How To Use The Lantus® Solostar® Pen

How To Use The Lantus® Solostar® Pen

Please check the leaflet for the insulin for complete instructions on how to store SoloSTAR®. If your SoloSTAR® is in cool storage, take it out 1 to 2 hours before you inject to allow it to warm up. Cold insulin is more painful to inject. Keep SoloSTAR® out of the reach and sight of children. Keep your SoloSTAR® in cool storage (36°F–46°F [2°C–8°C]) until first use. Do not allow it to freeze. Do not put it next to the freezer compartment of your refrigerator, or next to a freezer pack. Once you take your SoloSTAR® out of cool storage, for use or as a spare, you can use it for up to 28 days. During this time it can be safely kept at room temperature up to 86°F (30°C). Do not use it after this time. SoloSTAR® in use must not be stored in a refrigerator. Do not use SoloSTAR® after the expiration date printed on the label of the pen or on the carton. Protect SoloSTAR® from light. Discard your used SoloSTAR® as required by your local authorities. Protect your SoloSTAR® from dust and dirt. You can clean the outside of your SoloSTAR® by wiping it with a damp cloth. Do not soak, wash, or lubricate the pen as this may damage it. Your SoloSTAR® is designed to work accurately and safely. It should be handled with care. Avoid situations where SoloSTAR® might be damaged. If you are concerned that your SoloSTAR® may be damaged, use a new one. Continue reading >>

What Are The Possible Side Effects Of Insulin Glargine (lantus, Lantus Opticlik Cartridge, Lantus Solostar Pen)?

What Are The Possible Side Effects Of Insulin Glargine (lantus, Lantus Opticlik Cartridge, Lantus Solostar Pen)?

LANTUS® (insulin glargine) Injection DESCRIPTION LANTUS (insulin glargine injection) is a sterile solution of insulin glargine for subcutaneous use. Insulin glargine is a recombinant human insulin analog that is a long-acting, parenteral blood-glucose-lowering agent [see CLINICAL PHARMACOLOGY]. Insulin glargine has low aqueous solubility at neutral pH. At pH 4 insulin glargine is completely soluble. After injection into the subcutaneous tissue, the acidic solution is neutralized, leading to formation of microprecipitates from which small amounts of insulin glargine are slowly released, resulting in a relatively constant concentration/time profile over 24 hours with no pronounced peak. This profile allows oncedaily dosing as a basal insulin. LANTUS is produced by recombinant DNA technology utilizing a non-pathogenic laboratory strain of Escherichia coli (K12) as the production organism. Insulin glargine differs from human insulin in that the amino acid asparagine at position A21 is replaced by glycine and two arginines are added to the C-terminus of the B-chain. Chemically, insulin glargine is 21A-Gly-30Ba-L-Arg-3030b-L-Arg-human insulin and has the empirical formula C267H404N72O78S6 and a molecular weight of 6063. Insulin glargine has the following structural formula: LANTUS consists of insulin glargine dissolved in a clear aqueous fluid. Each milliliter of LANTUS (insulin glargine injection) contains 100 Units (3.6378 mg) insulin glargine. The 10 mL vial presentation contains the following inactive ingredients per mL: 30 mcg zinc, 2.7 mg m-cresol, 20 mg glycerol 85%, 20 mcg polysorbate 20, and water for injection. The 3 mL prefilled pen presentation contains the following inactive ingredients per mL: 30 mcg zinc, 2.7 mg m-cresol, 20 mg glycerol 85%, and water for inje Continue reading >>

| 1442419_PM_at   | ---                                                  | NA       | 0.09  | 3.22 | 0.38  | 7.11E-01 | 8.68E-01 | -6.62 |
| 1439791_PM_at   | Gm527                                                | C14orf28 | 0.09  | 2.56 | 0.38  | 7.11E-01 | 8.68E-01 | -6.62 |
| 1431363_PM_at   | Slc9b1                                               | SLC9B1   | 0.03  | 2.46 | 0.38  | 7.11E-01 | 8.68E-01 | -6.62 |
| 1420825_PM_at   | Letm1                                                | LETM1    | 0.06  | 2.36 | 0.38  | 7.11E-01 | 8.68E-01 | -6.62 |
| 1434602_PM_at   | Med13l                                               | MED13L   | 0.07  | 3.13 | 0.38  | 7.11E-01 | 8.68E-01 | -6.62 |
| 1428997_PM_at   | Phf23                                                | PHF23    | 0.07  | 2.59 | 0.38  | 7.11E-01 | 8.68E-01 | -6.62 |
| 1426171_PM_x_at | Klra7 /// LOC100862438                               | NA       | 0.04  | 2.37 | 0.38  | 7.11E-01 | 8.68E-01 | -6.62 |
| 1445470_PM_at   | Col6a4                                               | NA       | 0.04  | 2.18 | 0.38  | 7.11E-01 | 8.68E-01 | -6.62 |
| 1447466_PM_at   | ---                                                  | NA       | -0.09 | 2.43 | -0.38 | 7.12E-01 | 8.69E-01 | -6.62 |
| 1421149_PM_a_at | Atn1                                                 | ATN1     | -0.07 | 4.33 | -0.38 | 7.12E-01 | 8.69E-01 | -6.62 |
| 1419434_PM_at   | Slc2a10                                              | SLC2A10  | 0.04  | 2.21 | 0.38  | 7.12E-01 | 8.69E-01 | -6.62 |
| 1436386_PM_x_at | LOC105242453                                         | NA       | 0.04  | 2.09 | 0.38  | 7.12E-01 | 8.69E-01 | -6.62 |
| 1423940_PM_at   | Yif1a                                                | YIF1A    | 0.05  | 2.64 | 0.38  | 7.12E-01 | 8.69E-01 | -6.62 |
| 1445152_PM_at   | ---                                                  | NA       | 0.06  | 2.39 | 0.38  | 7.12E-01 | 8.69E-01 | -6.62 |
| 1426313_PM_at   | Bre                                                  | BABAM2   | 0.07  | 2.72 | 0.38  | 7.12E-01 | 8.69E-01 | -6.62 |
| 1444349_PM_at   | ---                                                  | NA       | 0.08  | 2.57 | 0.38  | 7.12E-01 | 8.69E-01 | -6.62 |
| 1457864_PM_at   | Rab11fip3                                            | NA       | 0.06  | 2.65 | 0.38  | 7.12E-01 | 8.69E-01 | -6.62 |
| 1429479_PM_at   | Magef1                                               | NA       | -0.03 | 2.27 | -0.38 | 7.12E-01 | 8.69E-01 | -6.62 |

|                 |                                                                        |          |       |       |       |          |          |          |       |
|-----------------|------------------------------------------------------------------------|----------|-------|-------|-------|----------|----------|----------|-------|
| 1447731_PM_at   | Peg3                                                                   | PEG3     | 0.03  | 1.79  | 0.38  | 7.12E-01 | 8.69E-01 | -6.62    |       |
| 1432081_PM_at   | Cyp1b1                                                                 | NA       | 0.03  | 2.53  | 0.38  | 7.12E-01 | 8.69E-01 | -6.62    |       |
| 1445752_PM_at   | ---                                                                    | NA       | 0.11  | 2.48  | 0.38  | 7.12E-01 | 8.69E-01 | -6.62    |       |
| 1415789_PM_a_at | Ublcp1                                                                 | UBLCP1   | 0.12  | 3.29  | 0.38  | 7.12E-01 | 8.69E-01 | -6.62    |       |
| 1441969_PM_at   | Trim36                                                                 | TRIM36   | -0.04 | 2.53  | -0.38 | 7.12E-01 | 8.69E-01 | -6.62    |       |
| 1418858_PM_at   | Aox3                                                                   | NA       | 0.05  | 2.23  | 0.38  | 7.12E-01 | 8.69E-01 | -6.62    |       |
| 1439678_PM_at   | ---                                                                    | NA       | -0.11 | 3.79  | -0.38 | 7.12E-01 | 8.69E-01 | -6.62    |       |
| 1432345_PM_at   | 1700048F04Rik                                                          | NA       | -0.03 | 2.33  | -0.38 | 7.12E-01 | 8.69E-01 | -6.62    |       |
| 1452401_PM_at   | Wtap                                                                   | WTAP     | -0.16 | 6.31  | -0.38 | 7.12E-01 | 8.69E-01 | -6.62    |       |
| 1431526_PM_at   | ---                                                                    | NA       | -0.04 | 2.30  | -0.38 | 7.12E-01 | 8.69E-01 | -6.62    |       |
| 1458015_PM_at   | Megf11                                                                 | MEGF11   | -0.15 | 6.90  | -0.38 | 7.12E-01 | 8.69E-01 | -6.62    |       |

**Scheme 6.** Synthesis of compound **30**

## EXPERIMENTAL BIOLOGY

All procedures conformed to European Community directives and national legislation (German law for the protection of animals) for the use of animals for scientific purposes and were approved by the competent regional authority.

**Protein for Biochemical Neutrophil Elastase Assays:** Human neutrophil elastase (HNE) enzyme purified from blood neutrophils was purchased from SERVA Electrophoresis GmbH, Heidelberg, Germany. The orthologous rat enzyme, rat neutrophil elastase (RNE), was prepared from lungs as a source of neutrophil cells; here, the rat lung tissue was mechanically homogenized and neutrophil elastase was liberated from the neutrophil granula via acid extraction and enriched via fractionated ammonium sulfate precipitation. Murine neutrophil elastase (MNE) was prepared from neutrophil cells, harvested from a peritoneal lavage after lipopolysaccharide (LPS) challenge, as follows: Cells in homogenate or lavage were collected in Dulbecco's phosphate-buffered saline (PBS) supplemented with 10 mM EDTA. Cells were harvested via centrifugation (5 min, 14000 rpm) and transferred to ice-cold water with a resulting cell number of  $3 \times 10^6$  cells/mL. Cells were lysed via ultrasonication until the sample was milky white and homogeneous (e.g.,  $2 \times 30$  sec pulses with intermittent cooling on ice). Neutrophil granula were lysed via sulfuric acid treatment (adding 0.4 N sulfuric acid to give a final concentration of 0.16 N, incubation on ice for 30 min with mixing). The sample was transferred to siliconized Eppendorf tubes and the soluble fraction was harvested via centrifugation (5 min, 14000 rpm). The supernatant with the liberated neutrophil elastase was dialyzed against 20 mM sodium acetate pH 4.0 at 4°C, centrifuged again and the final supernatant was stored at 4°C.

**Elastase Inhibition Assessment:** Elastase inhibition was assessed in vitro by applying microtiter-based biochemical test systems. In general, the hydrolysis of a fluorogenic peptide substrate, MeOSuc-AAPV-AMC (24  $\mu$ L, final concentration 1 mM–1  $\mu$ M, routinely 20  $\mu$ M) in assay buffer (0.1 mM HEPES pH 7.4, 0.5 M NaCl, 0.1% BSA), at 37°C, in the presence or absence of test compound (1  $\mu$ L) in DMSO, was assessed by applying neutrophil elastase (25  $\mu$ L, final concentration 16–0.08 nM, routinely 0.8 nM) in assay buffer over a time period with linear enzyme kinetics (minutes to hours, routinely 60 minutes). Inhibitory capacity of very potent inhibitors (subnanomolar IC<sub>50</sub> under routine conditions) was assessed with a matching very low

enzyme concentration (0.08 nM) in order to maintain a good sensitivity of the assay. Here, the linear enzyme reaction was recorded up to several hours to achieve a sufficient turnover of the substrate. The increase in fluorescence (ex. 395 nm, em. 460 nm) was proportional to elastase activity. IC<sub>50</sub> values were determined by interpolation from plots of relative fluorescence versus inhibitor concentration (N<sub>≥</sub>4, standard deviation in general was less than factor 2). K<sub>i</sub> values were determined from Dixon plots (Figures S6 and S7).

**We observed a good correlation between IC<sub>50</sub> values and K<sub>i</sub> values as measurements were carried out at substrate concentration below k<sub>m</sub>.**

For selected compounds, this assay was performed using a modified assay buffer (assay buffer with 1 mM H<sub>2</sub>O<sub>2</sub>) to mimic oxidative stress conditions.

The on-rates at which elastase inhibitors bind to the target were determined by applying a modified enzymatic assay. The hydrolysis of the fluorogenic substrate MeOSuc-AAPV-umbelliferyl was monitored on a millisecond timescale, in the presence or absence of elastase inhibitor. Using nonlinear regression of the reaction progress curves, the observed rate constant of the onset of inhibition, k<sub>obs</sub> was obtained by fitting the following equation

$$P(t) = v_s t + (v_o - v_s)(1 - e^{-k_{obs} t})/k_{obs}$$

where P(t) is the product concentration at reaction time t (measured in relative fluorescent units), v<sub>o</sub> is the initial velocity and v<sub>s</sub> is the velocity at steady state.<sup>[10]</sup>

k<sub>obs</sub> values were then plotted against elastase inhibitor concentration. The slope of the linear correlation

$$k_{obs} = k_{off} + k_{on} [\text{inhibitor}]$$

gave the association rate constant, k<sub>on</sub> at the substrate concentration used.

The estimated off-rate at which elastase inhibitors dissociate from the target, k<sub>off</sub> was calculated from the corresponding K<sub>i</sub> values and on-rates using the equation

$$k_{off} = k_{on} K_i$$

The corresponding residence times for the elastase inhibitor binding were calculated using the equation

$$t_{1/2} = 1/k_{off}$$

Lantus® Can Still Be Your Choice For A Once-daily Injection

Lantus® Can Still Be Your Choice For A Once-daily Injection

Lantus® is a long-acting insulin analog indicated to improve glycemic control in adults and pediatric patients with type 1 diabetes mellitus and in adults with type 2 diabetes mellitus. Lantus® should be administered once a day at the same time every day. Limitations of Use: Lantus® is not recommended for the treatment of diabetic ketoacidosis. Contraindications Lantus® is contraindicated during episodes of hypoglycemia and in patients hypersensitive to insulin glargine or one of its excipients. Warnings and Precautions Insulin pens, needles, or syringes must never be shared between patients. Do NOT reuse needles. Monitor blood glucose in all patients treated with insulin. Modify insulin regimen cautiously and only under medical supervision. Changes in insulin strength, manufacturer, type, or method of administration may result in the need for a change in insulin dose or an adjustment in concomitant oral antidiabetic treatment. Do not dilute or mix Lantus® with any other insulin or solution. If mixed or diluted, the solution may become cloudy, and the onset of action/time to peak effect may be altered in an unpredictable manner. Do not administer Lantus® via an insulin pump or intravenously because severe hypoglycemia can occur. Hypoglycemia is the most common adverse reaction of insulin therapy, including Lantus®, and may be life-threatening. Medication errors, such as accidental mix-ups between basal insulin products and other insulins, particularly rapid-acting insulins, have been reported. Patients should be instructed to always verify the insulin label before each injection. Severe life-threatening, generalized allergy, including anaphylaxis, can occur. Discontinue Lantus®, treat and monitor until symptoms resolve. A reduction in the Lantus® dose may be re Continue reading >>